The digital economy has become so fundamental to Australia’s economy that widespread interruptions from a major cybersecurity incident could cost $30b and 163,000 jobs, modelling from a “critical and deliberate” analysis of Australia’s cybersecurity industry has concluded.

Building trust – and maintaining it in the face of continual attacks – is fundamental to continued economic growth, AustCyber’s newly launched Australia’s Digital Trust Report 2020 noted in modelling the industry’s economic fundamentals and the potential financial damage of a cybersecurity strike.

Such strikes have become increasingly prevalent as Australia’s proactivity pivots the country onto the world theatre – making it such a prominent target for hackers that no less than Prime Minister Scott Morrison recently fronted the media to warn about a cyber threat so severe that he subsequently allocated $1.35b to fight it.

A recent analysis of Center for Strategic and International Studies data found that Australia was the world’s sixth most-targeted country in terms of ‘significant cyber attacks’ – those targeting government agencies, defence and high-tech companies, or comprise economic crimes with damages of greater than $1m – with 16 such incidents reported between 2006 and 2020.

This pace had escalated in 2020 as opportunistic cybercriminals took advantage of the systemic global instability caused by the COVID-19 pandemic – and, AustCyber CEO Michelle Price said, the quality of the post-pandemic recovery would be directly linked to the trust that businesses have in the cybersecurity protections put in place to protect them.

The pandemic “caused a rapid move to remote working and education, renewed focus on online business delivery and fast adaptation of supply chains using digital technologies,” she said in launching the report with a warning that just one week of digital disruption would directly cost Australia’s economy 6157 jobs and $1.2b in losses.

A four-week disruption would push direct job losses to 36,941 and economic losses to $7.3b, while indirect losses would blow out to as much as $30b and 163,042 jobs.

The potential damage from such an interruption – and the extent to which it would compromise investors’ trust in Australian industries – made avoiding such digital disruption a key priority, particularly as world economies pivot to recover after the pandemic.

Fight global, buy local

The pandemic has been massively disruptive on Australia’s digital skills sector, with programmers suffering, remote work throwing businesses into chaos, universities exploring alternative skills-development methodologies, and many workers considering a post-pandemic career change as the IT industry barely keeps its head above the rising waters of digital and economic disruption.

Yet sharks are circling below, with scammers and cybercriminals capitalising on the pandemic early and targeting remote workers at home as security researchers moonlight as cyber vigilantes to rein in the exploding cybercrime.

By quantifying the potential exposure of Australia’s economy to cybersecurity compromise, the report draws a link between economic investment and the quality of the skills-led recovery – which will be crucial in helping turn around an economy in which 1 in 6 jobs is “digitally geared”.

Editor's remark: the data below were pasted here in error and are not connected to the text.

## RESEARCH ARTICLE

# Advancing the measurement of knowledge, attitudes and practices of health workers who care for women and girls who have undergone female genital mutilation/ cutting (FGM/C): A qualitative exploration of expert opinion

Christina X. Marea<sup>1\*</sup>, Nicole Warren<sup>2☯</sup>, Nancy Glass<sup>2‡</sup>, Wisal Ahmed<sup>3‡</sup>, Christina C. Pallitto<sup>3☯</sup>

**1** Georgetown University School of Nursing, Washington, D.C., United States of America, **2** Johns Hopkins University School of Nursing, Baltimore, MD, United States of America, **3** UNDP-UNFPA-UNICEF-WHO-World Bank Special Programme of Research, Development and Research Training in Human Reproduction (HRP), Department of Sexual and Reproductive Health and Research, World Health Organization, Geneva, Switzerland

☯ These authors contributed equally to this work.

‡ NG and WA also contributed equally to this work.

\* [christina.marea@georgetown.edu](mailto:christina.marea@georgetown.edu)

That investment, Price noted, would benefit the Australian economy by returning at least $4.70 in direct revenue – and a further $5.00 in “spillover benefits including job creation” – for each dollar that Federal, state, and territory governments spend on locally-built cybersecurity solutions.

Governments “must use sovereign cyber security products and services”, the report recommended, as well as underwriting “sustained capability creation and industry growth” and working with industry to drive jobs growth by developing Australia’s reputation for ‘digital trust’.

Digital activity directly contributed 527,726 jobs to the Australian economy and $317b in gross output during the last financial year, the report found, and related secondary expenditure and value creation contributed to over 2.3m Australian jobs.

Cybersecurity, specifically, contributed some 19,475 jobs and $15.7b in direct revenues to the Australian economy – nearly half the $34.6b online retail sector.

That was a much higher economic output per job ($806,161) than industries like digital health ($599,027) and online retail ($303,236), but trailed emerging industries such as solar power generation ($961,810 per job) and the space industry ($3.9m).

Properly protected, increases in digital infrastructure could actually drive significant economic and employment benefits this year and next, as COVID-19 related digital infrastructure spending – in areas such as digital activity, online retail, and the IT industry sector – creates up to $230b in economic revenue impact and a job benefit impact of 505,700 per year.

Given its fundamental role in protecting Australia’s digital post-COVID future, Price noted, cybersecurity is a ‘horizontal sector’ that underlies every other aspect of the coming economic recovery.

“The timing of the release of this report is both critical and deliberate,” she said, noting that “the quality of digitisation and its trustworthiness is now under immense pressure as the economy starts to recover from the pandemic.”

“Australia’s economic future is founded in large part on the security of this digital step-change going forward.”